Saturday, February 01, 2014

The day my life changed forever

I have debated in my head multiple times if I should write this post or not. I've come to the conclusion that as with all mental health stigmas, the benefits of posting outweigh the consequences.
My mother is clearly, and now officially, suffering from some kind of dementia.
The signs have been there for a long time. We've had family meetings to discuss what to do. We've seen unusual behaviour and witnessed increasing forgetfulness. We thought we were dealing with it, we thought we'd have more time. We were wrong.

This past Thursday was another busy day at work. I decided to check my personal email (which I rarely do) and found a disturbing email from my Dad. My mother had a very bizarre phone conversation with my Dad stating that she didn’t know where she was. He asked where she was and she said she was at the house but didn’t know where she was going because he had moved and she didn’t know where to go. (A little background information: my parents moved about a year and half ago, and my mother has had issues ever since.) A few more conversations followed between my parents and it became clear that she didn't even know the layout of the house or remember where certain rooms were. My dad had an important meeting that night so my brother planned on coming over to be with her and make dinner after work. As I got home I texted my brother (for those who don't know I live in a different city that my parents and brother and don't have a car) to see if everything was okay as I hadn't had any other updates. He texted back that he was with Mom, as was my dad and there had been some more developments. Long story short, my mother had left the house on her own before my brother got there. She wandered her neighbourhood until she was approached by a kindly stranger who asked if she needed help. She said she didn't know where she was but had to get to an appointment. He asked her where she lived and she said she didn't know. Luckily, my mother had my Dad's business card in her purse and the man called my Dad and he walked her home. My dad and brother arrived shortly after.
 Coincidentally, my father had already set up an appointment for my mother with her doctor for the next day (I'm guessing that this is the appointment she thought she was going to). My father and brother both accompanied her  to the doctors. They had a very productive meeting. Cognitive testing, Cat Scans and blood work were ordered. Senior service website are being investigated.Home alarms, her current medications and dosage are being reviewed.
My mother's family has history of dementia. My grandmother was diagnosed with alcohol-related dementia and suffered terribly in the last years of her life. I can't bear to think that my mother will face the same fate. I hope there is an answer.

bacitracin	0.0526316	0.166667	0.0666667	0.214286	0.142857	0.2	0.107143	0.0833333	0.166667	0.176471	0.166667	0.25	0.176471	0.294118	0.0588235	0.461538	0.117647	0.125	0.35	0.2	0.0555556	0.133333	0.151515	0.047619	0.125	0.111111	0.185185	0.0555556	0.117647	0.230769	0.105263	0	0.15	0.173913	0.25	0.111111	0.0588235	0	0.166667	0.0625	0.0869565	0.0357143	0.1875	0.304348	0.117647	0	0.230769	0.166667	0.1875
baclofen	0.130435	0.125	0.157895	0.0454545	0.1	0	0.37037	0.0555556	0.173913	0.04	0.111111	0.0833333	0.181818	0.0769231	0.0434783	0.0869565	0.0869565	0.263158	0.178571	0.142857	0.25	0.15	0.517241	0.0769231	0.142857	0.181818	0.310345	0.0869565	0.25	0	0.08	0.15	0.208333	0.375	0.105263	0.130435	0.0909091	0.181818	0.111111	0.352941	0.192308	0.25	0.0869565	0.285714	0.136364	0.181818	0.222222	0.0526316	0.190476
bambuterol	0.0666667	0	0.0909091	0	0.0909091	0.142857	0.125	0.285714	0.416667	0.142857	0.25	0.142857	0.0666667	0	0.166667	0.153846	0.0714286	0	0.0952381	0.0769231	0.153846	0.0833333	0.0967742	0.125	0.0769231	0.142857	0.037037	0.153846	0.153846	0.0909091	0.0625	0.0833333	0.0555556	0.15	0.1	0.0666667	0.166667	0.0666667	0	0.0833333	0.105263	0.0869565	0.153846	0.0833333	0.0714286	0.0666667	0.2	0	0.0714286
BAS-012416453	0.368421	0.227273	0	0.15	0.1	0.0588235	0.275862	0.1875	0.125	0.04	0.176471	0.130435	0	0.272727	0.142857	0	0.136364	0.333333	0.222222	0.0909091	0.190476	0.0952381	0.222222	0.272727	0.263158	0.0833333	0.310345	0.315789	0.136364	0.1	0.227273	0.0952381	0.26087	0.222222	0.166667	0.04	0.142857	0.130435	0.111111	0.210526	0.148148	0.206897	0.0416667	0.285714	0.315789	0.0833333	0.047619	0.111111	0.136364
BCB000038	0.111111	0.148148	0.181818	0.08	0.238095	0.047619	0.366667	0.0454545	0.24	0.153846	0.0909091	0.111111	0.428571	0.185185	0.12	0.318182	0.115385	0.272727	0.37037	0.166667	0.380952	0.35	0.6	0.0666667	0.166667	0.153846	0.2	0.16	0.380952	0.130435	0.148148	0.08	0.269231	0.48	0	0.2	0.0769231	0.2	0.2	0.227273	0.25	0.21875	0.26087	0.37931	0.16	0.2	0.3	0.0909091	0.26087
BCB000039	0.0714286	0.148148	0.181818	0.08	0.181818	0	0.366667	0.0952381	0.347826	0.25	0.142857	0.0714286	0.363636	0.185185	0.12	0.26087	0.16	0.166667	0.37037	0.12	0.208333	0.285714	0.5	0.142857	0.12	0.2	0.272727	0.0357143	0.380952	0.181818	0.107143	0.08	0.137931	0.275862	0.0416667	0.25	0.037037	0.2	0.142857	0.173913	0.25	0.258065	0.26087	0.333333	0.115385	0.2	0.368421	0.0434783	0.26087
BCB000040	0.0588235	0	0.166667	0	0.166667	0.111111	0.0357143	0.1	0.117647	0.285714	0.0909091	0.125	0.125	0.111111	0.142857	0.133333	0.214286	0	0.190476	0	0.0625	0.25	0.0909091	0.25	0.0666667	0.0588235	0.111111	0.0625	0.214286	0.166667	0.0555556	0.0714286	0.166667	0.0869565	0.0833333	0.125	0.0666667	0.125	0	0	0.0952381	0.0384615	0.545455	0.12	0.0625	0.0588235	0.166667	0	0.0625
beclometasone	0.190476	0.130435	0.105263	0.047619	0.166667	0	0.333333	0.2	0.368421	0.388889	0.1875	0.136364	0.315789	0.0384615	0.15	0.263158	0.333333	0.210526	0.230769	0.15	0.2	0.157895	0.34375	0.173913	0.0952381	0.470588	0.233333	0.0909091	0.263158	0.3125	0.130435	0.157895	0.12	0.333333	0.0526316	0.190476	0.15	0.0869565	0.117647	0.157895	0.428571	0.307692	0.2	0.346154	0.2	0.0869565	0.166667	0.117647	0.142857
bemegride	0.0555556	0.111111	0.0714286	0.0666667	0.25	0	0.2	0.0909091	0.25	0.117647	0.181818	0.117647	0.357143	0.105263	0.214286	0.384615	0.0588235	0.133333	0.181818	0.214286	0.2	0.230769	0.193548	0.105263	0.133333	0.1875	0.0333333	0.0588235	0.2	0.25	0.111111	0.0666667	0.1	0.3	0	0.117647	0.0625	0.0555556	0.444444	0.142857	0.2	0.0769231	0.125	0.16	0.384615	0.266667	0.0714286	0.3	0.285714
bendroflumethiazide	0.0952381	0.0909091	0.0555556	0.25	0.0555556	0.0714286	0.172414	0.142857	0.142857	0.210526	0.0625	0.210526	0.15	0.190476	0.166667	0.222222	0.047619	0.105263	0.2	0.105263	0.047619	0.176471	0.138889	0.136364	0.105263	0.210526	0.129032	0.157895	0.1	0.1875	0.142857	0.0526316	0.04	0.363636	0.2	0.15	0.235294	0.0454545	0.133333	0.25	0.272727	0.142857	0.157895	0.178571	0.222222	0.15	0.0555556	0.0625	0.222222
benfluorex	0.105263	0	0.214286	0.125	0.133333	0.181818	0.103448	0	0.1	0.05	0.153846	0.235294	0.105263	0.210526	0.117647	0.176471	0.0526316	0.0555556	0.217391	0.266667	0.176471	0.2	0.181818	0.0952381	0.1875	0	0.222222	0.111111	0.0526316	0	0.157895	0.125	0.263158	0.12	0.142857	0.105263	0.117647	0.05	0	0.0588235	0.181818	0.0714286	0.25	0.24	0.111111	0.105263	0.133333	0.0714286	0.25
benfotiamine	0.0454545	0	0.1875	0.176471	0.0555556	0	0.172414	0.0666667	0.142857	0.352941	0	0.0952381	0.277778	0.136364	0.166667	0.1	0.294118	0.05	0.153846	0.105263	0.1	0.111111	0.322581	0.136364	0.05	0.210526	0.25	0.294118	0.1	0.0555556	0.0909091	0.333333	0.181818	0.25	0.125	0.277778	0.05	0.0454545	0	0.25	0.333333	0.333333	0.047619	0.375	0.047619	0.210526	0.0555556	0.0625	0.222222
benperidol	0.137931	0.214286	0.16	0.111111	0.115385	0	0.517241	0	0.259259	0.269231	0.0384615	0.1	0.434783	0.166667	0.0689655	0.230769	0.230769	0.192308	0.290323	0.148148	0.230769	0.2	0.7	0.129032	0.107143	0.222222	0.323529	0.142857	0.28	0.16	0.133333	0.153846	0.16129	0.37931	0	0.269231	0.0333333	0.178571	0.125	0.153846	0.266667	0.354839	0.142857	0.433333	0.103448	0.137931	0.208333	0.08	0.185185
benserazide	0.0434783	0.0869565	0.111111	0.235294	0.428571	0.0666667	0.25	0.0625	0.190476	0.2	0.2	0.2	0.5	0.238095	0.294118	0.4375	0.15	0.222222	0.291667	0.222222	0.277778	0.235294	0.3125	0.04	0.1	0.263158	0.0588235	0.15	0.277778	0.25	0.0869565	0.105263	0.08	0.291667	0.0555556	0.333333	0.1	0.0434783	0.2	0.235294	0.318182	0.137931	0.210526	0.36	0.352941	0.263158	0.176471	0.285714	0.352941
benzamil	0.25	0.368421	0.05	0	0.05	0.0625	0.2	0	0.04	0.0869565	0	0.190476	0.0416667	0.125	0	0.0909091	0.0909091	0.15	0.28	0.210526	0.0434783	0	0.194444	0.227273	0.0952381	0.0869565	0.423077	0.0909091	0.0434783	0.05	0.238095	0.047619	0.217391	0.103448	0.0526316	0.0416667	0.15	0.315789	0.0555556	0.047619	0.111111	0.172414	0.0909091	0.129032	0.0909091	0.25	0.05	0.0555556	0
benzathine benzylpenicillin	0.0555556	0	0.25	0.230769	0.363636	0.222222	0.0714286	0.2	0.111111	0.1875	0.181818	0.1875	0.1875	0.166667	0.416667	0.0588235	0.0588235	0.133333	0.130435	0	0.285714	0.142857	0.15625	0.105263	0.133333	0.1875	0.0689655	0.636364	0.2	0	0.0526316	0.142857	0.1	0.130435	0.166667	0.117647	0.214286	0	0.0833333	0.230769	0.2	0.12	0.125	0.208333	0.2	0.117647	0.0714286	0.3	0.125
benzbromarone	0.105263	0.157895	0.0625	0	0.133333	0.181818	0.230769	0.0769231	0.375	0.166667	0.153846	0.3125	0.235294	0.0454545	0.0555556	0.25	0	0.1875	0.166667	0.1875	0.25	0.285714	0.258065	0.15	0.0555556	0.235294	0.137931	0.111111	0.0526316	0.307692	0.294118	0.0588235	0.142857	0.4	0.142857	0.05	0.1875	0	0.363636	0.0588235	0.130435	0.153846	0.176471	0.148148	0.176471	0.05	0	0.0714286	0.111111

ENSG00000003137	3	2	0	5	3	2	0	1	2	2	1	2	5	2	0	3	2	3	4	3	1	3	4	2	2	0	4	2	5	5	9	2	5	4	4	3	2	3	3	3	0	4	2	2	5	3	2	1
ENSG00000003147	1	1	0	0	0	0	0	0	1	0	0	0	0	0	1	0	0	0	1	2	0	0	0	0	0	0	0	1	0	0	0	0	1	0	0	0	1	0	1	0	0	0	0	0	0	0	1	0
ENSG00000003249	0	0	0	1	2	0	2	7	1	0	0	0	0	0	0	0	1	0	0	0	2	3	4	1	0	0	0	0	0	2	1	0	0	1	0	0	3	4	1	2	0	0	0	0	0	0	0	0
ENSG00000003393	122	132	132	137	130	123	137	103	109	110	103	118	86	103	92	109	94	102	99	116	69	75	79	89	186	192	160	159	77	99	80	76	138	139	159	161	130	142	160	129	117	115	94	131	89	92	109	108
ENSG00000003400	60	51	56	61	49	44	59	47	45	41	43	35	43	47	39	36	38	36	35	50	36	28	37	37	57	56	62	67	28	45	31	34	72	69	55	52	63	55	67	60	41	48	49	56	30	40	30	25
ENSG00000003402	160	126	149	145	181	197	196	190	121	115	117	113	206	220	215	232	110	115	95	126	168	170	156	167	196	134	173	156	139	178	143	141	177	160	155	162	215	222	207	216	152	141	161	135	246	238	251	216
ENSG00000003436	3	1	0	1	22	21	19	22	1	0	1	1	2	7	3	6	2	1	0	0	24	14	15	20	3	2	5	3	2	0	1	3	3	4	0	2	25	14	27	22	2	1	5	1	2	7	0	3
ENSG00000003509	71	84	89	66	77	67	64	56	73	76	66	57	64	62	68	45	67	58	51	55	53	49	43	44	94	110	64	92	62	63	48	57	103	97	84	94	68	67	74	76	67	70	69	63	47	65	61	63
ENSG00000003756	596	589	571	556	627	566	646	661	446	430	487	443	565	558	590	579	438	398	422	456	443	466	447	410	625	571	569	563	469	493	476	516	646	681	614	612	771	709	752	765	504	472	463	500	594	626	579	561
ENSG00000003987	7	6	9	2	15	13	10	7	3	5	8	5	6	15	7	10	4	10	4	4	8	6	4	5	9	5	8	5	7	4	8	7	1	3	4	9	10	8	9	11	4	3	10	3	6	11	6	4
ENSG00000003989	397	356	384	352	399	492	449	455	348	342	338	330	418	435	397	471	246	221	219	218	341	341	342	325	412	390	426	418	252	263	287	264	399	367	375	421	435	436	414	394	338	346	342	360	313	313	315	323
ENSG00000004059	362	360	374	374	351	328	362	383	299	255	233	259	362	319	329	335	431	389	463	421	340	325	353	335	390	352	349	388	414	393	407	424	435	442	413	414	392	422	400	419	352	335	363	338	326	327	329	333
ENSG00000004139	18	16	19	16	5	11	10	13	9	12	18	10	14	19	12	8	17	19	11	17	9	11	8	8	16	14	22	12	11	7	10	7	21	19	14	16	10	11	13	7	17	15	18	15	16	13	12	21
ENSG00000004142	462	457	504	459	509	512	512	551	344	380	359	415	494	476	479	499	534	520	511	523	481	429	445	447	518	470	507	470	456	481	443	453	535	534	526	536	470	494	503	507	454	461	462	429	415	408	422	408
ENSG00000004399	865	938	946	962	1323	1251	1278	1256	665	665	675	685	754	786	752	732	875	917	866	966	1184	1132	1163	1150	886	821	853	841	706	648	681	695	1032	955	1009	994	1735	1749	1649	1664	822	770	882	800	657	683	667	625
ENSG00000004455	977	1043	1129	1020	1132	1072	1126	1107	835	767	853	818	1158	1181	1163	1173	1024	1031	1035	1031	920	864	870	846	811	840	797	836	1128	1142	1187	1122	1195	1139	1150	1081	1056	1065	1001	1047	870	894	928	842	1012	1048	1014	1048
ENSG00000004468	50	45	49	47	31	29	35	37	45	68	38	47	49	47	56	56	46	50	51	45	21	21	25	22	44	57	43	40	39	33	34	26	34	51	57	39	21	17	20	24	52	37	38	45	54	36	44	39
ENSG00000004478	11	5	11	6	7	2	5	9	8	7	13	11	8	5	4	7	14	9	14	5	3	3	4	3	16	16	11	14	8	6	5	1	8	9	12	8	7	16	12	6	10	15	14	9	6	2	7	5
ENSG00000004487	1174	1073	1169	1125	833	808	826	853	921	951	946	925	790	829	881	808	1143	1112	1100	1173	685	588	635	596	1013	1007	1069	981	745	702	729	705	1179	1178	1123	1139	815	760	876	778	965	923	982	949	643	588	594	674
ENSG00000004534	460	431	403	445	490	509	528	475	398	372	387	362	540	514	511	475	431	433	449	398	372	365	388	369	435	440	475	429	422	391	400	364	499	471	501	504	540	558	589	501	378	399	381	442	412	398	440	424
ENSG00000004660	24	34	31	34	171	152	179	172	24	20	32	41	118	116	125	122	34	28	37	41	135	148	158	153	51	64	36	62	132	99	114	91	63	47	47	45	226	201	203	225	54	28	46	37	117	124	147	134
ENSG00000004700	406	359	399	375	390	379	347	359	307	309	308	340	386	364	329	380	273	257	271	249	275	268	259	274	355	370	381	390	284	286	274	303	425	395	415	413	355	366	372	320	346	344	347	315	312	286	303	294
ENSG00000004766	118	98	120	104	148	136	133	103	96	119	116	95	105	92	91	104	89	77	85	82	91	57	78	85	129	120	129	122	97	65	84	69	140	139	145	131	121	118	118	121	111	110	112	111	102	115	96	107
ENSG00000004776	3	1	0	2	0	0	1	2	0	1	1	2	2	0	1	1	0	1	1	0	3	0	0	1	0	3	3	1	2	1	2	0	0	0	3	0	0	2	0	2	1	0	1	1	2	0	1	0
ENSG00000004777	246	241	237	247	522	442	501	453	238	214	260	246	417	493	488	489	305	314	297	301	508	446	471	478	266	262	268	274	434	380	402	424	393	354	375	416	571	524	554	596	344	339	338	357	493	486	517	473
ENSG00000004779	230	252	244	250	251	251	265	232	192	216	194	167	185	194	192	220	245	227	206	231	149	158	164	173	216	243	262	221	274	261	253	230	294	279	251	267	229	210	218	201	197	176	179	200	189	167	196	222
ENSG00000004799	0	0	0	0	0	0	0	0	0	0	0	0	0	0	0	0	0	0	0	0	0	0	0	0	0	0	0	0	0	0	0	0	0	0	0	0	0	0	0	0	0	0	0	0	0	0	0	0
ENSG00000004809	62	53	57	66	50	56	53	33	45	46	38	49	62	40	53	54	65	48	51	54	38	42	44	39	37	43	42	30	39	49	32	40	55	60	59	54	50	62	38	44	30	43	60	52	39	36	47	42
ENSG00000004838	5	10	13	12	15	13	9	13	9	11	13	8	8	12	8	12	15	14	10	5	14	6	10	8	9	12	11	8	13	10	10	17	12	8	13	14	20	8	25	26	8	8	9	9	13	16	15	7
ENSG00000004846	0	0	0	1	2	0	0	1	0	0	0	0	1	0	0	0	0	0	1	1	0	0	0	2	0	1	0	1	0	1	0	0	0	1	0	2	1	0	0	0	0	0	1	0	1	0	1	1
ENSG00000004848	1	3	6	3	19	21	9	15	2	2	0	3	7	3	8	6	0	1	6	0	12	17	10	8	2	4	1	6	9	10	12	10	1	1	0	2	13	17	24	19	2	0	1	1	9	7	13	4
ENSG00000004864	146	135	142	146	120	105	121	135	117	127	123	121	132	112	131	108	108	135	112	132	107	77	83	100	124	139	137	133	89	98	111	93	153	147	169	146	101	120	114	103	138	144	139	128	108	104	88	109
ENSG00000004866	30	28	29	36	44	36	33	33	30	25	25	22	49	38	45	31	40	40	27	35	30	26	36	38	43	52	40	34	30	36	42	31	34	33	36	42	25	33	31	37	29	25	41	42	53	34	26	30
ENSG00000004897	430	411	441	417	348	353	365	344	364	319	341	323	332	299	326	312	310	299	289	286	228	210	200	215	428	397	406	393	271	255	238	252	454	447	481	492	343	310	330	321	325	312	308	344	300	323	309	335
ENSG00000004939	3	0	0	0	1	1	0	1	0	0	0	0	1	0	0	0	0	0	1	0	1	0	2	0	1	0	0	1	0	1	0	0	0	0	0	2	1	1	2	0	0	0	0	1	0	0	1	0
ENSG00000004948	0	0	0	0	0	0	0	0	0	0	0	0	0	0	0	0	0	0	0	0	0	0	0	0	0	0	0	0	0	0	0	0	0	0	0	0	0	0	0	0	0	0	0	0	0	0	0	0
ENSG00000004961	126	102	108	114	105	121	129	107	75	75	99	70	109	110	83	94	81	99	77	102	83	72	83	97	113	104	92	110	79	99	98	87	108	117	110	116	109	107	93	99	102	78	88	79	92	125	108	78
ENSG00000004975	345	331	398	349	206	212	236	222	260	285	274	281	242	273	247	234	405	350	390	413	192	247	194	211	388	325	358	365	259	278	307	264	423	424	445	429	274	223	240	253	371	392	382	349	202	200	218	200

Thank you for letting me share this. Just writing the story out has helped me. My shoulders feel a little less tense now. If anyone reading has any thoughts or ideas please share with me.

10 comments:

Stacy said...

Vicki, it's very disturbing seeing a loved one so bright and vibrant deteriorate in an instant. I have gone through the motions of this devastating disease on the family level of things with Kevin's family as well as on a professional level with unfortunately I have to use the word MANY of my patients directly as well as their family as well. If there is anything I can do to help or to listen, feel free to message when you can. Positive thoughts, cherish the wonderful memories your mom has created for you and yours, push through the low times, be there for one another. Sometimes it's easy to chuckle and other days you can do nothing but break down and cry. And guess what as a family member as well as a health care provider THAT IS OKAY!!!

Roxanne said...

Vicki, I am so sorry to hear this. I can only imagine the plethora of emotions you are feeling right now. If you need anything please done hesitate to ask. I'm glad you were able to get some stress relief by writing.

J Daley said...

Oh Couz, I'm sorry. We do have such a grubby gene pool in our family, don't we? So many things to deal with. When Will forwarded your blog spot to me I opened it with dread...I thought I'd see the word cancer for sure. Is this worse? Is it better? I have no answer. Your Mom, my Auntie,, our Elaine, is being stolen & it is shocking either way. You have every right to grieve. I hope there will be more lucid days than bad, kiddo. We are not a close family but we are family & we will be here when you call for help. Call & we will answer.